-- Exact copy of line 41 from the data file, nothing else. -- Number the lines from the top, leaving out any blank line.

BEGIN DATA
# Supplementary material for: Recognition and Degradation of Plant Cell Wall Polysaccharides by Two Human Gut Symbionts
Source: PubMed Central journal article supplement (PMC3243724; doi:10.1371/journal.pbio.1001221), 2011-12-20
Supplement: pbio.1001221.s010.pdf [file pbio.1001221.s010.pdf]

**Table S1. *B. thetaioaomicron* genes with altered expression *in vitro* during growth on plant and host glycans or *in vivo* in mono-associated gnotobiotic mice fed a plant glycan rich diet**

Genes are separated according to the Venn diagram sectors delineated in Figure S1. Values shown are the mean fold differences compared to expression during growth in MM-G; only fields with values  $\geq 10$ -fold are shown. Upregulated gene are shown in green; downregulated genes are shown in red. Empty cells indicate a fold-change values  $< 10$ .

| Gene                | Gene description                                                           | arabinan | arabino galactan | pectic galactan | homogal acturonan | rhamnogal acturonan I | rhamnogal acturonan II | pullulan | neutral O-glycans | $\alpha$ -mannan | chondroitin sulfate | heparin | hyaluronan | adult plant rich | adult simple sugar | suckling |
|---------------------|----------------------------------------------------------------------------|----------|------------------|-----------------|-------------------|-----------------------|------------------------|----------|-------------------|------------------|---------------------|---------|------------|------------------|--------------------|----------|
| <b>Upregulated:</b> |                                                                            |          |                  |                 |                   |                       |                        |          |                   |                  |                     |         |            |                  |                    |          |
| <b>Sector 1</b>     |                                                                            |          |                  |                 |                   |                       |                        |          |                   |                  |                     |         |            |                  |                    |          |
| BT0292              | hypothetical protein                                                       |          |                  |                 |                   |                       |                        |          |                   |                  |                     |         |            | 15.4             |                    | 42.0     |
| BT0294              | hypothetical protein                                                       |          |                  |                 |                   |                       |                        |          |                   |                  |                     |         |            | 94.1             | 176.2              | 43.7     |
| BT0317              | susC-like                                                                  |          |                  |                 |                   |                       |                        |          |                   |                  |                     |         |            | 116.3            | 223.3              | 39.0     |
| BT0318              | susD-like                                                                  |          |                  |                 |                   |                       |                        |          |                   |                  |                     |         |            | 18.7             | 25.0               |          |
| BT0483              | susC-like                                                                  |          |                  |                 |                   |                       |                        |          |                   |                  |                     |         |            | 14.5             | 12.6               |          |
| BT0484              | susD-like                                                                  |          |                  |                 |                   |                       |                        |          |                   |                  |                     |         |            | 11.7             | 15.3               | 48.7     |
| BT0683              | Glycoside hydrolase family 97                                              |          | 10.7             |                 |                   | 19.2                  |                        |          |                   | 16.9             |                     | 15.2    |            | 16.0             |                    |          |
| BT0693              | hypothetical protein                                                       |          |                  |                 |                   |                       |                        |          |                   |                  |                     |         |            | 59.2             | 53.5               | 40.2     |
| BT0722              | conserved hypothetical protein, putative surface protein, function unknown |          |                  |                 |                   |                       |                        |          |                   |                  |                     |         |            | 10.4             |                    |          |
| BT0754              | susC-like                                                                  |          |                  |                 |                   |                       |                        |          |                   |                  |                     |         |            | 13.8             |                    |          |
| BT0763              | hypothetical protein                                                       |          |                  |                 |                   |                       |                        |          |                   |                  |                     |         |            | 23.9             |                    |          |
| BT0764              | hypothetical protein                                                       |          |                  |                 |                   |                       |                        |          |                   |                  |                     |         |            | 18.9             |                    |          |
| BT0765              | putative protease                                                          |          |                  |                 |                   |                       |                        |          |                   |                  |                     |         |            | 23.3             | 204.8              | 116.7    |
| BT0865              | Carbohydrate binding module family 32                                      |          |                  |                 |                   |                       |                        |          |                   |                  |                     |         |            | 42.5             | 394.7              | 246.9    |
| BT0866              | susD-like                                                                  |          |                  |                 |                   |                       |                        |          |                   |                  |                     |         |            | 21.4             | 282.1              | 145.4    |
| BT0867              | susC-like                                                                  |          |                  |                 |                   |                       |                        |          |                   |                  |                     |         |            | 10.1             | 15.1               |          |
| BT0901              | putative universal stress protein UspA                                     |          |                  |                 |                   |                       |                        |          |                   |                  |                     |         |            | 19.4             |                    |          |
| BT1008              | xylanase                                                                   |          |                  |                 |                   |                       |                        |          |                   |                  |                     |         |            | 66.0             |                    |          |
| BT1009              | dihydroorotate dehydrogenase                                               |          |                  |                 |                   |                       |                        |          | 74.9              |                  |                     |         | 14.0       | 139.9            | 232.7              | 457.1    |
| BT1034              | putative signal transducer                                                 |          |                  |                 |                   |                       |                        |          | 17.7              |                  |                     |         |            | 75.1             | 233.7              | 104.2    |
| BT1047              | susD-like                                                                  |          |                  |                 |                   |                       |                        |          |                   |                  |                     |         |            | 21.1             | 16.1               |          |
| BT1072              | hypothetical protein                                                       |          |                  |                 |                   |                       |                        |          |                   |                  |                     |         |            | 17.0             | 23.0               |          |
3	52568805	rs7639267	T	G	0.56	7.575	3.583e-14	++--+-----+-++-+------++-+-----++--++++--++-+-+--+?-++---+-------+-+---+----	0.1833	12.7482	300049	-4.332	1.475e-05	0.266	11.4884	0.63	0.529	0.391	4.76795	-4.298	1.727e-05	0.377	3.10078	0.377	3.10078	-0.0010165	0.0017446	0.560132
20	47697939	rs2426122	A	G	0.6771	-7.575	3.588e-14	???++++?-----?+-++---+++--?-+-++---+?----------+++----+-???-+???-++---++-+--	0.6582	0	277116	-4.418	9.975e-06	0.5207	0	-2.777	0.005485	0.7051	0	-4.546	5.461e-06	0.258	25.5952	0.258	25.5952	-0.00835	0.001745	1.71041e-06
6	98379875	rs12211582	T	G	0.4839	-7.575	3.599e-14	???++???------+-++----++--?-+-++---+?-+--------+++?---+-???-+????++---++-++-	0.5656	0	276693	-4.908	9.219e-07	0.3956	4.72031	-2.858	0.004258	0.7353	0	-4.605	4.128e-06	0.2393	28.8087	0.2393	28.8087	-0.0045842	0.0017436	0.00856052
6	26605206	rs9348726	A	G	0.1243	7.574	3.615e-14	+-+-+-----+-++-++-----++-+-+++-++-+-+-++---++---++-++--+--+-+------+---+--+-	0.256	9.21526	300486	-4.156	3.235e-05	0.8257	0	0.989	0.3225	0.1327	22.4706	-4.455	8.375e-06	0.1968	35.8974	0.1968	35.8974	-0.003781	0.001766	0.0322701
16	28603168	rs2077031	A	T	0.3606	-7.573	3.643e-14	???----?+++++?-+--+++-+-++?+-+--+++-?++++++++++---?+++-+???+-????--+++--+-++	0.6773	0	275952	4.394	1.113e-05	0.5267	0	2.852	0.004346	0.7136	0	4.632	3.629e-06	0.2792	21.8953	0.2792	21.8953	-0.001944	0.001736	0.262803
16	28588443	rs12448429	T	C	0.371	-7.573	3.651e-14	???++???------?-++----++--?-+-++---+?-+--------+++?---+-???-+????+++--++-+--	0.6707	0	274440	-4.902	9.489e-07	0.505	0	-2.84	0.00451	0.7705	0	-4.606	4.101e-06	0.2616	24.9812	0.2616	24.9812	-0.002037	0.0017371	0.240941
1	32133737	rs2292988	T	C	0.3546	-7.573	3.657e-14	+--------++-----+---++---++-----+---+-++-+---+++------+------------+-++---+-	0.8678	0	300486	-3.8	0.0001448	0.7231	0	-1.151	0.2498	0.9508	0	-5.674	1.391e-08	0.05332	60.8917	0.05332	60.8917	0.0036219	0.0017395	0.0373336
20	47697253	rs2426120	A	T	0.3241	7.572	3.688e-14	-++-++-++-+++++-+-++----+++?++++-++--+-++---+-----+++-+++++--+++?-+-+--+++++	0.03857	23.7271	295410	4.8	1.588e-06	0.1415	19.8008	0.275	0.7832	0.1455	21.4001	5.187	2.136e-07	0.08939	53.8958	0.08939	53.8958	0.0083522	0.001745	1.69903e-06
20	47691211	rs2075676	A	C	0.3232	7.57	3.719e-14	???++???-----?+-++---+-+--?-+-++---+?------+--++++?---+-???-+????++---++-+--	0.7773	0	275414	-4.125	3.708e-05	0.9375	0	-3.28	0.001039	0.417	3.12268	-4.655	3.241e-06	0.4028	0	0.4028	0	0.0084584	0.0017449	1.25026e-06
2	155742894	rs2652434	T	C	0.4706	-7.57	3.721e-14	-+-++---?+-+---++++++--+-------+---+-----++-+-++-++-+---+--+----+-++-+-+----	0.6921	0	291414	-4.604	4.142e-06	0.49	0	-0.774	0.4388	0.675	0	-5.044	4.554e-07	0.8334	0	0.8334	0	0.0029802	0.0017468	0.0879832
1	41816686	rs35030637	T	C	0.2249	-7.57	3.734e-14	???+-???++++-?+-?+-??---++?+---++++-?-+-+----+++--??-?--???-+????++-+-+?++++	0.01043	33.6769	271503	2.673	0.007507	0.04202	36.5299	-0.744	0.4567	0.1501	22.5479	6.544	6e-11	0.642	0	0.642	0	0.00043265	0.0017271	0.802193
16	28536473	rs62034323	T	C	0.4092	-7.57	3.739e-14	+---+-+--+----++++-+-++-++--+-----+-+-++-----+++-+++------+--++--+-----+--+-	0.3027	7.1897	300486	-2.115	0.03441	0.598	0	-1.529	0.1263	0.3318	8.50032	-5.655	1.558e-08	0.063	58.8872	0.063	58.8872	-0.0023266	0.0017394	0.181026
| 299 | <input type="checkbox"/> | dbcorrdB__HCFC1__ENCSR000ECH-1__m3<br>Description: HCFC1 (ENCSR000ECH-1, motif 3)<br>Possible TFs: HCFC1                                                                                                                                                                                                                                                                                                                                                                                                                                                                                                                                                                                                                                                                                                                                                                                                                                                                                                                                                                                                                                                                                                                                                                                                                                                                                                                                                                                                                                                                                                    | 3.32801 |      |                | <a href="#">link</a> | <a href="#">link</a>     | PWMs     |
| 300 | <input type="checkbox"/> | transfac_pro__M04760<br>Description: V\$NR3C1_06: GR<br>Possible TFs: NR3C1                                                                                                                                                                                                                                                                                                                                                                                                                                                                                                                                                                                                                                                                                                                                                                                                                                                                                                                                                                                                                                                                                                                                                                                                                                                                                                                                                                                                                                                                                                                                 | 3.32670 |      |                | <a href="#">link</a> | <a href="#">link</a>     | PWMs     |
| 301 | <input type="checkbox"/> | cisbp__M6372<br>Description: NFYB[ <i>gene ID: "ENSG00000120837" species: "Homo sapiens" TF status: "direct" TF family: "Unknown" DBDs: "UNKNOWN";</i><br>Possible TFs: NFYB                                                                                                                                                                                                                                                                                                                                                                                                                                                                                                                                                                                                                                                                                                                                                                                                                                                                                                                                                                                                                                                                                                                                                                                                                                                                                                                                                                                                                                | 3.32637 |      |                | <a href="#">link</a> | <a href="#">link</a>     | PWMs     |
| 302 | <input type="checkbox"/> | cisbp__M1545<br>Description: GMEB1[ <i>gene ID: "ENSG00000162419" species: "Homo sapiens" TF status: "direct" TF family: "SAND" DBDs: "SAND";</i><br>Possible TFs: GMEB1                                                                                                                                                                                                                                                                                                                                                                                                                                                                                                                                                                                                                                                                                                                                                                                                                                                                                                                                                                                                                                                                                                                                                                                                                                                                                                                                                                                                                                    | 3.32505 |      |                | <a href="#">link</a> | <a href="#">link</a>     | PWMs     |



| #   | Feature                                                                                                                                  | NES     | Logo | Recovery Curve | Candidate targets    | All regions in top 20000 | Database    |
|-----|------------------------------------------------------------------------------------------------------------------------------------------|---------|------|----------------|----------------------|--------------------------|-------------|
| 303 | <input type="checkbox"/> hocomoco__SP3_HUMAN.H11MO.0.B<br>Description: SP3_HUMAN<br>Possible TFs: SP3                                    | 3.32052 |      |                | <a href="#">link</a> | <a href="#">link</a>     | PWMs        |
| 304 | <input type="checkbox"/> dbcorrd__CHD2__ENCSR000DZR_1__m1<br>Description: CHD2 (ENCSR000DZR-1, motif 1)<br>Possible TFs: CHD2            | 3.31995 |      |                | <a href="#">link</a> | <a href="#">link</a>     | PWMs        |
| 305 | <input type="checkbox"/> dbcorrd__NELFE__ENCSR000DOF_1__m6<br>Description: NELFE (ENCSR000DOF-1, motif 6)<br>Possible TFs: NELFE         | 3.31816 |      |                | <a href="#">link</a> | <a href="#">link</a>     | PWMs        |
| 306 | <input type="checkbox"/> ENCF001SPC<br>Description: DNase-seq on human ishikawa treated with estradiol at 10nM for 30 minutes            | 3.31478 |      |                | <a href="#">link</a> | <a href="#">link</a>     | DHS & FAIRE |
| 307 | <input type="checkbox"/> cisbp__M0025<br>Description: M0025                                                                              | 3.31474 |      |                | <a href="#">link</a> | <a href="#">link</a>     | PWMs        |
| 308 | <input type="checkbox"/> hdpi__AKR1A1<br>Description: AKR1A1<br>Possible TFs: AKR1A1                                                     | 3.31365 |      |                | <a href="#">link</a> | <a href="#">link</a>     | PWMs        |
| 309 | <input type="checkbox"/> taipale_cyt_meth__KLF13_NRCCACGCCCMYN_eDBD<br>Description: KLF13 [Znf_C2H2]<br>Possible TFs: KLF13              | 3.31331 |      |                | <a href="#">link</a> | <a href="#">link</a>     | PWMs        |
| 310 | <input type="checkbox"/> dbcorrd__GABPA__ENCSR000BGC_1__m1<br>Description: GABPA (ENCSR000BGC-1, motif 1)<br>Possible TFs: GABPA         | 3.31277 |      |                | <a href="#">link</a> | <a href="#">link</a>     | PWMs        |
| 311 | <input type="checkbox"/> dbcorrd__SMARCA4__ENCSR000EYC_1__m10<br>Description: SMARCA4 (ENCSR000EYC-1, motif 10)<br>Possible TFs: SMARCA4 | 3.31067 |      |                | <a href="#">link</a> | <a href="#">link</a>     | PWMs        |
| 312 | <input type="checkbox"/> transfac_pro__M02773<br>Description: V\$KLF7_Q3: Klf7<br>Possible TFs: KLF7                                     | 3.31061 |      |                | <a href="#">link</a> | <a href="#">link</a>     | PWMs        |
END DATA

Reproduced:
2	155742894	rs2652434	T	C	0.4706	-7.57	3.721e-14	-+-++---?+-+---++++++--+-------+---+-----++-+-++-++-+---+--+----+-++-+-+----	0.6921	0	291414	-4.604	4.142e-06	0.49	0	-0.774	0.4388	0.675	0	-5.044	4.554e-07	0.8334	0	0.8334	0	0.0029802	0.0017468	0.0879832